Scott Brown Hits Newt Gingrich Over His War On Judges

Massachusetts Senator Scott Brown is continuing to distance himself from the more conservative elements of his party, this time by criticizing Newt Gingrich’s comments about the judiciary in a Boston Globe Op-Ed:

As an example, Gingrich points to a 2002 Ninth Circuit opinion declaring that the words “under God” in the Pledge of Allegiance were unconstitutional. But what is the proper remedy in such cases? For one thing, the courts themselves are often self-correcting. Gingrich fails to mention that the decision was overturned by the Supreme Court – unanimously.

The Constitution also provides that judges can be impeached by Congress for misconduct. That’s not easy to do, but in December 2010 we impeached a federal district judge in Louisiana after he was convicted on multiple counts of corruption.

This case was just the eighth time in history a federal judge has been removed by Congress, and the framers of the Constitution made it difficult for good reason. If it were easy, judges would be subject to the whims of Congress and the president.

Yet under Gingrich’s scheme, that is precisely what would happen. Judges would be deciding cases while constantly looking over their shoulder at the possibility of retaliation from politicians. Our system of checks and balances, the foundation of our constitutional order, would be undermined. Public confidence in the impartiality of the courts would be shattered. If a president and majorities in Congress could simply overturn the constitutional interpretations of the Court, and if judges could be arrested for displeasing politicians in the other two branches, we would be placing our basic rights in jeopardy. The rule of law would be destroyed.

I made fairly similar points about Gingrich here and here and, of course, Brown is entirely correct. Brown will probably be called a RINO for this, but it’s good to see at least one Republican standing up and calling Gingrich’s rhetoric what it is, a ridiculous and dangerous idea.

FILED UNDER: Campaign 2012, Congress, Law and the Courts, US Politics, , , , , , , ,
Doug Mataconis
About Doug Mataconis
Doug Mataconis held a B.A. in Political Science from Rutgers University and J.D. from George Mason University School of Law. He joined the staff of OTB in May 2010 and contributed a staggering 16,483 posts before his retirement in January 2020. He passed far too young in July 2021.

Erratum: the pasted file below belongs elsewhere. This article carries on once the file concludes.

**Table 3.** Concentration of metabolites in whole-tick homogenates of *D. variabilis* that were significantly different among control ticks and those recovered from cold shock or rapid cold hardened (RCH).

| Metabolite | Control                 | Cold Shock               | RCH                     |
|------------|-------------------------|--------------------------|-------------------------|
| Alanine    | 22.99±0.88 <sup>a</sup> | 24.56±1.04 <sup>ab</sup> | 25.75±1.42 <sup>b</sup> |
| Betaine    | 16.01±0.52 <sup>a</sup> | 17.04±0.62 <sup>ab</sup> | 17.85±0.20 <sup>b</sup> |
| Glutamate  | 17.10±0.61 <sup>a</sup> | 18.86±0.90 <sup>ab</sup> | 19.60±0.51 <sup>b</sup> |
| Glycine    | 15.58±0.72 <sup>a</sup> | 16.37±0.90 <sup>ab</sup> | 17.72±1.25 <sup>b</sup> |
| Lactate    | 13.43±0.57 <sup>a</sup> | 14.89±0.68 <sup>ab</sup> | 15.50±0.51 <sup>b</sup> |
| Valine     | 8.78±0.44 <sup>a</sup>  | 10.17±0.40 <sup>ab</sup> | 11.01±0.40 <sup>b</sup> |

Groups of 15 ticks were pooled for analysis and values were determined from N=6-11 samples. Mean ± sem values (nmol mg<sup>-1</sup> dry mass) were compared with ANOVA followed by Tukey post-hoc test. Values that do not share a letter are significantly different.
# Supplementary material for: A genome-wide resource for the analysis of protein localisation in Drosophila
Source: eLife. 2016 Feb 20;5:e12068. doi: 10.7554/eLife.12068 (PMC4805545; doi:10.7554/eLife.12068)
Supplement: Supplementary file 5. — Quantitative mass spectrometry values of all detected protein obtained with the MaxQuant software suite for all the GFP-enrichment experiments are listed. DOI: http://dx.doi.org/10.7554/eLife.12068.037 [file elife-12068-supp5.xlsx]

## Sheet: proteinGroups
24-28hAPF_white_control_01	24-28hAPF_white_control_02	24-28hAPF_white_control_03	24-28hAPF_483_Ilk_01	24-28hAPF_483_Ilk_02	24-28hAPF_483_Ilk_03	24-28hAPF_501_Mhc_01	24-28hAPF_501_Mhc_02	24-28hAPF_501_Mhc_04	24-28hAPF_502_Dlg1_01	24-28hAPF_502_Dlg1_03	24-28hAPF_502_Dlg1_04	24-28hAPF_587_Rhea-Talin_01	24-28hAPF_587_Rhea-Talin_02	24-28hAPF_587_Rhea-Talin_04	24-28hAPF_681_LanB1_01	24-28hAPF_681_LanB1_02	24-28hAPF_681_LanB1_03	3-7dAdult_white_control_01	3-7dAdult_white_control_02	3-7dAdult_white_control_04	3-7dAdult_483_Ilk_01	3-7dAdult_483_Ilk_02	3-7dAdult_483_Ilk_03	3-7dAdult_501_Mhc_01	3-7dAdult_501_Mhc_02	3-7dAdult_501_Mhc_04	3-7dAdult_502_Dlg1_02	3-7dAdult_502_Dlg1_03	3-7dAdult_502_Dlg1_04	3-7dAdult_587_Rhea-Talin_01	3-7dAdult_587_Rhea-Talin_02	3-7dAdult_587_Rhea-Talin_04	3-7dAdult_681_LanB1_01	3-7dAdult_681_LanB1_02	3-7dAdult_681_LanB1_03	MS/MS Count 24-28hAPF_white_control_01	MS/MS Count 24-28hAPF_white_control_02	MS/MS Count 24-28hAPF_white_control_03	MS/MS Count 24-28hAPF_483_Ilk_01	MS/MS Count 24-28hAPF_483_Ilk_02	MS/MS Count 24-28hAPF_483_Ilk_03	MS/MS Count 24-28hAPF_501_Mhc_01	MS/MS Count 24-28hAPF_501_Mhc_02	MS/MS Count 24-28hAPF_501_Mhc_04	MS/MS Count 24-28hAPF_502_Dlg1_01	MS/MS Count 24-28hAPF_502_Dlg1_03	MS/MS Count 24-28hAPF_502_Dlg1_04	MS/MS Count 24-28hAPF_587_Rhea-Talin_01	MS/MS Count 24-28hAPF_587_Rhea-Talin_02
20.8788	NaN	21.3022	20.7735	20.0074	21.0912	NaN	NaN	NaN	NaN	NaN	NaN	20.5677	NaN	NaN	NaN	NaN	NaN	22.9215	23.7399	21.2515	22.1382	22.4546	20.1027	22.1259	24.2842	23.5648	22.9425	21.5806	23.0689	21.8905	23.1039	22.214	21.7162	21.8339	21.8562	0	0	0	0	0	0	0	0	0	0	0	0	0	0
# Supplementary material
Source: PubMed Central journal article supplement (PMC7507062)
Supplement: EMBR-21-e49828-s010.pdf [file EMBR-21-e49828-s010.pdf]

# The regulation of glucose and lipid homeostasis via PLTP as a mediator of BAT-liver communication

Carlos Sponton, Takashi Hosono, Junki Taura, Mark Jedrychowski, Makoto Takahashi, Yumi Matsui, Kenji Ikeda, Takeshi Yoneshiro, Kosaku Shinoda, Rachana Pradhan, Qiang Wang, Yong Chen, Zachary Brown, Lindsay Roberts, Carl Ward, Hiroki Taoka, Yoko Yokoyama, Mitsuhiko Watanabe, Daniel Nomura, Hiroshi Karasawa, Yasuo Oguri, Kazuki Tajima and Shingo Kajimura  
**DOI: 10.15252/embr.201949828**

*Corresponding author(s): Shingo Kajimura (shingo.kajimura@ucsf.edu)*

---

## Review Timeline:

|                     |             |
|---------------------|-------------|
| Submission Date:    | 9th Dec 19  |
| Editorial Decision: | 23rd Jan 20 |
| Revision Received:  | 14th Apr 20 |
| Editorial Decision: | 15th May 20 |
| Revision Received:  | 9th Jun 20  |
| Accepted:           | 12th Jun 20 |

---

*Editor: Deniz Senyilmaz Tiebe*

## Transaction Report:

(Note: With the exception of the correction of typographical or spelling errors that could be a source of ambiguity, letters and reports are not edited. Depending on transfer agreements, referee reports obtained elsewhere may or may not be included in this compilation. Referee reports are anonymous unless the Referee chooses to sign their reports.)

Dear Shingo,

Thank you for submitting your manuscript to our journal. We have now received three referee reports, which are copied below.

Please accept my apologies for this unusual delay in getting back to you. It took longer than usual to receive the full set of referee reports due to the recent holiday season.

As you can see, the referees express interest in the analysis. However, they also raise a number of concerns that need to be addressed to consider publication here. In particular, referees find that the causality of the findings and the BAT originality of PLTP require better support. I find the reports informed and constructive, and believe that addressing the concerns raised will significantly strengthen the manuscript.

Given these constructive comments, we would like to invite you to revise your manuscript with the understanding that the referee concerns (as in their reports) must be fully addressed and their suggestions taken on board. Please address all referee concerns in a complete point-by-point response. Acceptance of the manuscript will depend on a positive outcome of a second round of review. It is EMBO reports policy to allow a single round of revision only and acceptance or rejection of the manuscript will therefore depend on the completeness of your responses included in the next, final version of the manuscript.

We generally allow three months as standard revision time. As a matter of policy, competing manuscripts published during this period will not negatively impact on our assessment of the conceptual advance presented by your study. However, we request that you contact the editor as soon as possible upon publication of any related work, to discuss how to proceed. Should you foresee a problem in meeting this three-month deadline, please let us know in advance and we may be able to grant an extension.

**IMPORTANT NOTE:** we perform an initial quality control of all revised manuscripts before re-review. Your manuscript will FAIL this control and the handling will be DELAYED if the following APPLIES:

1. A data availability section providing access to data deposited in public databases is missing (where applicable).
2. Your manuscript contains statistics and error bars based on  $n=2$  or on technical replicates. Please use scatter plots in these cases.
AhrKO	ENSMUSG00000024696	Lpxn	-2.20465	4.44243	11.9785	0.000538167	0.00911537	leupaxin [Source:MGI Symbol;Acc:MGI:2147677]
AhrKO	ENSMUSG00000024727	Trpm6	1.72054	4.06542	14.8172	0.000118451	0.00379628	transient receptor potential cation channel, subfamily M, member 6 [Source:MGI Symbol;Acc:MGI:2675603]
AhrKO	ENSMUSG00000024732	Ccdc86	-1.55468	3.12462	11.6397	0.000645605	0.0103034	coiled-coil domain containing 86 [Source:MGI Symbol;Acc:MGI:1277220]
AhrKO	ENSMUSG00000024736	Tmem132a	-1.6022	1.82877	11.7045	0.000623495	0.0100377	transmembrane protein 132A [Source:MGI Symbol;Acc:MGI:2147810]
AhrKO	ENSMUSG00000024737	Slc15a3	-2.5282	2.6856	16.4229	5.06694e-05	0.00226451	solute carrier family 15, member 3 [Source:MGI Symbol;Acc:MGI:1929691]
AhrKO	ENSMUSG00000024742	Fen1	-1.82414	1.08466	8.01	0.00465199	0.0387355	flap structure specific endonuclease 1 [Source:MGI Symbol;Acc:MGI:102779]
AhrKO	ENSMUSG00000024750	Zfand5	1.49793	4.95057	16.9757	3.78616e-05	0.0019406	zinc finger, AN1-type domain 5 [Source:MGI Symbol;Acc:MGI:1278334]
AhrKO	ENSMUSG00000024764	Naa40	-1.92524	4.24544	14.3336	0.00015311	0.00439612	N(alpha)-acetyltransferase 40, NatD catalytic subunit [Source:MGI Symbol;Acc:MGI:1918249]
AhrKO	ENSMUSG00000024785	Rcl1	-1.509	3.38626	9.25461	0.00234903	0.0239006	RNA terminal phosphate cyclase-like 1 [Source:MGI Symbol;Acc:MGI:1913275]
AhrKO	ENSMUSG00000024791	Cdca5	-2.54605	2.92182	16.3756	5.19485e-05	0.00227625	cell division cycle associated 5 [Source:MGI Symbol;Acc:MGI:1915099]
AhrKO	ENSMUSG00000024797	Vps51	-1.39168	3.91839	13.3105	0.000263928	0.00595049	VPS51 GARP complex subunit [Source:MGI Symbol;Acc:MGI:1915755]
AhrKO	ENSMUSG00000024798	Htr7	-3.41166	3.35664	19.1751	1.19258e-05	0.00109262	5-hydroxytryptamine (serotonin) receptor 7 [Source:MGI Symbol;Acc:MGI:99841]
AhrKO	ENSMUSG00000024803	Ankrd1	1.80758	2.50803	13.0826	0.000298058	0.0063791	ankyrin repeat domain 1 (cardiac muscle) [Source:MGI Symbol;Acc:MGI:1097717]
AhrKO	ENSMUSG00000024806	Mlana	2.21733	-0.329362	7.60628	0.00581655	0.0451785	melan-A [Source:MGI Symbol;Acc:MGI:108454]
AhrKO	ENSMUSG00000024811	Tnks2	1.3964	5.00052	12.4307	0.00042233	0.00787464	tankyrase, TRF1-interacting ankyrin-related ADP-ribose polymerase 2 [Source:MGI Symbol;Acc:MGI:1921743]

1. Gustopher says:

    It’s cute that he says things like this during his re-election campaign, but he doesn’t do a whole lot to separate himself from the right wing of his party when he’s on the Senate floor.

  2. @Gustopher:

    Actually, Brown has broken with the GOP on several key votes since entering office.

  3. John Peabody says:

    True- Brown has been a thorn for many R’s. But, by gosh, he remains an R. I don’t know if he’ll survive re-election, though…

  4. He likely won’t. His opponent is running a stronger campaign than Coakley did, and this IS Massachusetts, during a Presidential election.

    Still, I actually kinda like Scott Brown. He’s been a fairly consistent moderate since entering into office, with a few exceptions that one would expect.

  5. Gromitt Gunn says:

    I also think he’s going to lose to Warren. He probably would stand a better chance at staying in if he was running in, say, CT or DE.

  6. @Christopher Bowen:

    Of course, the fact he’s a consistent moderate is a large part of why he’s at risk in the election. As much as people complain about the polarization in congress, they vote in a way that has made knee-jerk partisanship the Nash Equilibrium.

  7. mattb says:

    @Stormy Dragon: Or perhaps, to your point, it should be that:

    Despite the fact he’s a consistent moderate, the fact he’s a *republican* in Massachusetts is a large part of why he’s at risk in the election.

  8. @mattb:

    That’s my point: being moderate doesn’t actually benefit you. People in your own party will be less enthusiastic for you and people in the other party won’t vote for you based solely on your party affiliation no matter how close you get to them policywise, so you end up with less votes then you’d get as a bombthrower.

  9. MarkedMan says:

    Scott Brown’s “breaks” with the party orthodoxy seem to have been votes he was allowed by the leadership to make because they had enough to filibuster or win without him. In all votes where his lone dissent would have made a difference he lined up obediently. That’s one of my big problems with voting for a repub – any repub. In the end they all do as they are told.

  10. OzarkHillbilly says:

    Brown is entirely correct.

    Ergo, toast.


    That’s one of my big problems with voting for a repub – any repub. In the end they all do as they are told.

    Yeah, I know. It took a while, but eventually Boehner fell into line and committed the ritual Seppuku his cohorts demanded.